Back in 2002, I wrote “Five books I think you should read if you hack Java”. I was a much more novice developer at the time and the book list reflects that. Still, such a list makes a great baseline, and there are very few changes I would make today. With the recent release of the second edition of Effective Java, I thought I'd revisit the list.
If I were writing it today, I would reluctantly remove Refactoring. While the advice on what refactoring is and when it should be applied is still gold, most development environments support refactoring natively these days, so the detailed manual processes described in the book seem rather archaic six years later.
In its place I would put Java Concurrency in Practice. Every new Atlassian developer gets handed this book and ordered to read it immediately. Writing multi-threaded code is hard, and a number of the things Java does under the hood to make its multi-threading more efficient makes it even harder. Unless you understand the subtleties described in this book of how Java shares data between threads, you will screw it up in some almost-impossible-to-debug way.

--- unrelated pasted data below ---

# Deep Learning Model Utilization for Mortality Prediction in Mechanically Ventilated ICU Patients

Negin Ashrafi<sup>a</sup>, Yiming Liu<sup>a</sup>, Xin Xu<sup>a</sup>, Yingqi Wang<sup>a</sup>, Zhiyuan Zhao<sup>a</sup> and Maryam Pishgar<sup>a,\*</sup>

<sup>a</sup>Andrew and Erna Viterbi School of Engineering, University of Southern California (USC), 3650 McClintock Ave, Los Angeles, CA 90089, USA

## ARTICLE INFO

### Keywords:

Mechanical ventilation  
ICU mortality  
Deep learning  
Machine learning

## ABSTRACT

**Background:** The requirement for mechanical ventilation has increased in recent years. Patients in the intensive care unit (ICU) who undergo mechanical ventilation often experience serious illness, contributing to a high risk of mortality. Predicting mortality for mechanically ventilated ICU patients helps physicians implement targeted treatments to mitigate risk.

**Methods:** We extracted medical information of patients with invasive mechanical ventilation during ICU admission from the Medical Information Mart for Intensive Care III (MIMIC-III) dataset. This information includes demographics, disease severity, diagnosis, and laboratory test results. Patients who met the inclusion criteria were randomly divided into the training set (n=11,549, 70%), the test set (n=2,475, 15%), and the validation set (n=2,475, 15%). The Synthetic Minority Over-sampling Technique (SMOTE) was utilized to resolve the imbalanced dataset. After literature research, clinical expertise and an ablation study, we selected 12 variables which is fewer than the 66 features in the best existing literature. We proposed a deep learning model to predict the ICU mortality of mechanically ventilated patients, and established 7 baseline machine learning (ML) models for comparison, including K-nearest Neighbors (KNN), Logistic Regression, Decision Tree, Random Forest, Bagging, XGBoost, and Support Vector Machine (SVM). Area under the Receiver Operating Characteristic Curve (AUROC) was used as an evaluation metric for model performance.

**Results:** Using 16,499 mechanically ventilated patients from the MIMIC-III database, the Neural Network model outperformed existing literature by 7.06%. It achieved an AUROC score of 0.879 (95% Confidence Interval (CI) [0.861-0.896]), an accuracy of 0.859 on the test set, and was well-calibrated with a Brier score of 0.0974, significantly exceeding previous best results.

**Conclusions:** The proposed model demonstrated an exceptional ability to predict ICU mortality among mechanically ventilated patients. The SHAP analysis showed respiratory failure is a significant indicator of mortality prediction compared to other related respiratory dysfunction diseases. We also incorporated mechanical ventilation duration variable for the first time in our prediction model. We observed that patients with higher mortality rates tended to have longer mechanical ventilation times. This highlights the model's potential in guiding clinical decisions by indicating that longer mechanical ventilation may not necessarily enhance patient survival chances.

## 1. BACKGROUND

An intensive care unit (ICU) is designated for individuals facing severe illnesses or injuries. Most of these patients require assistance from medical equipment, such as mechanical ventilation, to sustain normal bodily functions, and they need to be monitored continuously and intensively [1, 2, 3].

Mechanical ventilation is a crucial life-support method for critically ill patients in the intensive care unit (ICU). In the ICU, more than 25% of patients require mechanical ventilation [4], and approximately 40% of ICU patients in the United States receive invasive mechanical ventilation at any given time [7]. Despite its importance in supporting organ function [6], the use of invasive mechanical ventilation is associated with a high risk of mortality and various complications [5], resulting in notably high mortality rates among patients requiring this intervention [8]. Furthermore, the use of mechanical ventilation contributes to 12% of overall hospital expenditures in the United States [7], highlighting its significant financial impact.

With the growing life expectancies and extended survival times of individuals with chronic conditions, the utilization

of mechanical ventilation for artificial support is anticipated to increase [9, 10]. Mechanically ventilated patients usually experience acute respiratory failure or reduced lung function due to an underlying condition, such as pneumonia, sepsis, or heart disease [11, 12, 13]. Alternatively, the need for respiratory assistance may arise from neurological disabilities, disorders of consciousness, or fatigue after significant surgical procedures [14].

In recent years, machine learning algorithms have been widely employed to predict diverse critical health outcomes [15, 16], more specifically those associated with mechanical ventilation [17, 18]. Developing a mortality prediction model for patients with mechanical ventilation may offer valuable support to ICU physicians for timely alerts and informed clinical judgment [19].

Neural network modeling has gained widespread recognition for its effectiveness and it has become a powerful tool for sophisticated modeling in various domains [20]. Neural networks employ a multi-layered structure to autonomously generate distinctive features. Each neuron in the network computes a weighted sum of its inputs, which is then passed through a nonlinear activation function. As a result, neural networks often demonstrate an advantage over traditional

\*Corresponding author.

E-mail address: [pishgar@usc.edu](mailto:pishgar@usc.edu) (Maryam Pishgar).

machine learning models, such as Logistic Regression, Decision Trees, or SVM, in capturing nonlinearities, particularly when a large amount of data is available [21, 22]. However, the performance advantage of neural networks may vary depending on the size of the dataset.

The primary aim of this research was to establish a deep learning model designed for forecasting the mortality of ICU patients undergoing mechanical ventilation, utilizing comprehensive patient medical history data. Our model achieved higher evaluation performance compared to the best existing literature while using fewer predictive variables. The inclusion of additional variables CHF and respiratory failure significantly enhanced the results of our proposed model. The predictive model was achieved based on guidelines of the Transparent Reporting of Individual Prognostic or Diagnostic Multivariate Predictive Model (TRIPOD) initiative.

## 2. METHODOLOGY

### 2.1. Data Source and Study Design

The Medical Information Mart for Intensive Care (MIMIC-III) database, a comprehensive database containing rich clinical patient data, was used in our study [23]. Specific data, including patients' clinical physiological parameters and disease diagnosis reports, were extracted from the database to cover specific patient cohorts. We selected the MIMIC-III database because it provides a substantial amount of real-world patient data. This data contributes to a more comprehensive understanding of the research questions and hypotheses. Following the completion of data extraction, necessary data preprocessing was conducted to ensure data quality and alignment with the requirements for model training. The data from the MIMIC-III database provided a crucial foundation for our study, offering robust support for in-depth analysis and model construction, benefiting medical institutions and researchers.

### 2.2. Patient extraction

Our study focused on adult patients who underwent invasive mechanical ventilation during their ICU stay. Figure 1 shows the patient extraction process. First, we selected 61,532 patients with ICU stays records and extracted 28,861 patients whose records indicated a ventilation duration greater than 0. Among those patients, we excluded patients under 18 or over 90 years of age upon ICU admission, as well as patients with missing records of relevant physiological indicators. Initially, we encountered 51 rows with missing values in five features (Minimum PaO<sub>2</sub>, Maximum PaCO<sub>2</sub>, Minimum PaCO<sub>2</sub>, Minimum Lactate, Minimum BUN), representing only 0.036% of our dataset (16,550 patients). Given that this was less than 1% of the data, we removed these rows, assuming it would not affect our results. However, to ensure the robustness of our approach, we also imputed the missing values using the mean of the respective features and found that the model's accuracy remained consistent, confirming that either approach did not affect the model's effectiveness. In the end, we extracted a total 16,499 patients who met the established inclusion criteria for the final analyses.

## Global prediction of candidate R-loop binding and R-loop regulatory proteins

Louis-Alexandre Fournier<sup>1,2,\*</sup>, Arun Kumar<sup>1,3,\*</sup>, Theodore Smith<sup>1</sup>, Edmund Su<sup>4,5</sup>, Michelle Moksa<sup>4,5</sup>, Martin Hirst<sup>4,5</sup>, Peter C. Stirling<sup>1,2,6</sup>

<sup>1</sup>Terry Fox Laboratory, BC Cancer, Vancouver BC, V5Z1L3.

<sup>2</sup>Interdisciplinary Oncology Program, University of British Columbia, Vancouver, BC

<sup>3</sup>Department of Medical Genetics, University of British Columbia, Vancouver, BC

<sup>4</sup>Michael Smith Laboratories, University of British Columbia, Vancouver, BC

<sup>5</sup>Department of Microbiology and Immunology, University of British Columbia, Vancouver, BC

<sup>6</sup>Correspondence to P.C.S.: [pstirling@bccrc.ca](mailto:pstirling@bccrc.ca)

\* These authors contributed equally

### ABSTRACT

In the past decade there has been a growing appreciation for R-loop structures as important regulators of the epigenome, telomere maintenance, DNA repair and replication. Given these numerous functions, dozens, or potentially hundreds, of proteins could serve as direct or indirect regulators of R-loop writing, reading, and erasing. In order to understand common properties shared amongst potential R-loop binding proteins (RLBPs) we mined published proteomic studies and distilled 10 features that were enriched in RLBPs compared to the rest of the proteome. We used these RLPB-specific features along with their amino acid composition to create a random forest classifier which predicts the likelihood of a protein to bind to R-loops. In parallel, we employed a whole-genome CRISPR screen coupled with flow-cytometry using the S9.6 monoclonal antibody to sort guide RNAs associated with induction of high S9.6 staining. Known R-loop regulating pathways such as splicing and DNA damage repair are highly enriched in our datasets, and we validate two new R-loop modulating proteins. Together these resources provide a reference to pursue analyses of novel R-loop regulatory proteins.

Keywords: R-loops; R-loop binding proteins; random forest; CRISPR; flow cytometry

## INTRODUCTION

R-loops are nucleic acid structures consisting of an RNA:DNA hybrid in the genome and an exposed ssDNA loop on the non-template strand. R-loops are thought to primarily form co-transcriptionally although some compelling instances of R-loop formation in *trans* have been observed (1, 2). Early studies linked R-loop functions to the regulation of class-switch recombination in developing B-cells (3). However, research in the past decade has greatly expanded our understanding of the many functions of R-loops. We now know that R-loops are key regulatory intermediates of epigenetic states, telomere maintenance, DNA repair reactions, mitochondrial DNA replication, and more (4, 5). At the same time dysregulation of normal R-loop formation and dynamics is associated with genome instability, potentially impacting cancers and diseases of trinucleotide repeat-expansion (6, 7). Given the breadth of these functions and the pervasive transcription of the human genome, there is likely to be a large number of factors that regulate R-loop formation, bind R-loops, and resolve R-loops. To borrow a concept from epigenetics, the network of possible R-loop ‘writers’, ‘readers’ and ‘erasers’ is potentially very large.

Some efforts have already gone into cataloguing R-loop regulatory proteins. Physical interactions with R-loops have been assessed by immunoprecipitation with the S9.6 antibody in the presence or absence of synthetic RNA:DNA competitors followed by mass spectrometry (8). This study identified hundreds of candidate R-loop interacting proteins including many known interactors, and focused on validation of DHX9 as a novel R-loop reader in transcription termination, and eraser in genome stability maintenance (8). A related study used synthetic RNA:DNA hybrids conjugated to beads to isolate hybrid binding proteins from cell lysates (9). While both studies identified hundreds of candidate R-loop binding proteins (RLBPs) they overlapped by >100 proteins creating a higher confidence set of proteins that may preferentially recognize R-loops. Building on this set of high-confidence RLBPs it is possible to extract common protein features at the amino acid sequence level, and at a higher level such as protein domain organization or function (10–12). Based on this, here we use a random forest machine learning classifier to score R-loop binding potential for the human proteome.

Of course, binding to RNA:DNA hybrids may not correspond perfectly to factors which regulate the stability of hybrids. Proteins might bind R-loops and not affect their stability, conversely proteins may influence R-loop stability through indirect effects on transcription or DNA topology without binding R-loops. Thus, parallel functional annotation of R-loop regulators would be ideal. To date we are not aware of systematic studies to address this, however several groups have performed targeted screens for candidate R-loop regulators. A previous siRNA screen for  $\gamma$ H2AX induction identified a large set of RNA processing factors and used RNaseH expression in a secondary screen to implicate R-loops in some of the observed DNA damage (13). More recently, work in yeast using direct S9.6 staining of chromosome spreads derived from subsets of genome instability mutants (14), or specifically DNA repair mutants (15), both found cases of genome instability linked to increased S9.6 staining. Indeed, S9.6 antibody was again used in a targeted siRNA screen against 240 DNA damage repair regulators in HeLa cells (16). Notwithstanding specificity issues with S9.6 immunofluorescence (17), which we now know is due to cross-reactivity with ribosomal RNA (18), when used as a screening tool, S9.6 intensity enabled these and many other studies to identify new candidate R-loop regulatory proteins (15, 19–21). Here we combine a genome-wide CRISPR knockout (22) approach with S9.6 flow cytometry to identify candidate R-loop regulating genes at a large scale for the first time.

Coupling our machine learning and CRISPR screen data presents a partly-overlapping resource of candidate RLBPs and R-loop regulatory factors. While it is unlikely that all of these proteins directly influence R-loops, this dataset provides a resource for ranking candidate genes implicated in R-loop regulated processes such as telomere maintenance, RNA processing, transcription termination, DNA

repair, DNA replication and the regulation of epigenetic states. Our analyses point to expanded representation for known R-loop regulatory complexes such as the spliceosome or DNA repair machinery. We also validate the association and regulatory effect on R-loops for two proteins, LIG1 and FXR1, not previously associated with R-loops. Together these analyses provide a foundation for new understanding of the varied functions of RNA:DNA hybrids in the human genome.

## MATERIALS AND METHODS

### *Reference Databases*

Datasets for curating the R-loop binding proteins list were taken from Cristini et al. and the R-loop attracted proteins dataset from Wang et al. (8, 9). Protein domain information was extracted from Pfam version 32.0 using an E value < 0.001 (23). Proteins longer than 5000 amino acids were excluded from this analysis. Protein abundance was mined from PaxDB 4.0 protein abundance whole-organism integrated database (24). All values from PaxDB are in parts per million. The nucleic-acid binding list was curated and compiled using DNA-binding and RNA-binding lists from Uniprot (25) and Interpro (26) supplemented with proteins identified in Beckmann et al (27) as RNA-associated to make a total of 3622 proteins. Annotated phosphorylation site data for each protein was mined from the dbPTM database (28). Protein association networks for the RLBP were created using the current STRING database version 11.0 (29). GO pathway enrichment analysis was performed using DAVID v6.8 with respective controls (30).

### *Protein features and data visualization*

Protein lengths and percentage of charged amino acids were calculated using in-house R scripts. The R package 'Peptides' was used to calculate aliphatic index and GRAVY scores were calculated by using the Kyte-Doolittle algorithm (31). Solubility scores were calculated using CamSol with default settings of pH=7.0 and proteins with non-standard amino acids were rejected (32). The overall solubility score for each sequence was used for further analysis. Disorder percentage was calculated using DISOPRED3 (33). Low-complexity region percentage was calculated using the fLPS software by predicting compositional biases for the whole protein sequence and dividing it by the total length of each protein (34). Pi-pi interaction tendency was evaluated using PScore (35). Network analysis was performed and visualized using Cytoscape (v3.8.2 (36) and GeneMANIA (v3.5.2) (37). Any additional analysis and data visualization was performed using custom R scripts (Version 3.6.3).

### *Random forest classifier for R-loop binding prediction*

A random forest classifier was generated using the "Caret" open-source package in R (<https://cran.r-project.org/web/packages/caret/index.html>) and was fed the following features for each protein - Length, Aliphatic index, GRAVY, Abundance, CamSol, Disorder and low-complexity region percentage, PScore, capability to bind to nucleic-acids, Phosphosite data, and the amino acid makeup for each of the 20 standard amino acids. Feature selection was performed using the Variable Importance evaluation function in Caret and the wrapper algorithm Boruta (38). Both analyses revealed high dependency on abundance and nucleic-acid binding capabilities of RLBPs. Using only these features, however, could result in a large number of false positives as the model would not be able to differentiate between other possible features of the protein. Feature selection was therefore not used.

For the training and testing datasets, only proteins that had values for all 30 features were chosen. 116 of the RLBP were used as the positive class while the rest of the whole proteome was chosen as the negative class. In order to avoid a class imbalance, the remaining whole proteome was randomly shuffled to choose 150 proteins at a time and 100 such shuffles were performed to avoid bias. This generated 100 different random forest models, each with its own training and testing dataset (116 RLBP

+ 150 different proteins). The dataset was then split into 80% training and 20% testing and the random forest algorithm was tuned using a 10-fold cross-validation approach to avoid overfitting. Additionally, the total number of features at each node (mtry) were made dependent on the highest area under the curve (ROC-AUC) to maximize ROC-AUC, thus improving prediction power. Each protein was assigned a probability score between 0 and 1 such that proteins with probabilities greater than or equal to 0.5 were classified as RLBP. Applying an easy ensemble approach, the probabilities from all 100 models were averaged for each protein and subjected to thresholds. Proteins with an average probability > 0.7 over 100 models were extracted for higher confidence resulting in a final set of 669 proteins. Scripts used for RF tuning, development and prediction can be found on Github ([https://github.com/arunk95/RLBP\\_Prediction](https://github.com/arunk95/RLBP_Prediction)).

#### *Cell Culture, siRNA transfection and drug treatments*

Speaking of Effective Java, a book so essential that we ordered ten copies for the office as soon as we knew there was a new edition, I decided to give it a read. Of course, I have over half a decade more Java experience than I did when I read the first edition, and I was really only reading it to see how Java 5 had changed some of the book's recommendations.
Wrong. In just the first chapter I learned three things I really should have known already, but didn't, at least one of which I'd probably read in the first edition and then forgotten. I guess it goes to show that you never stop learning.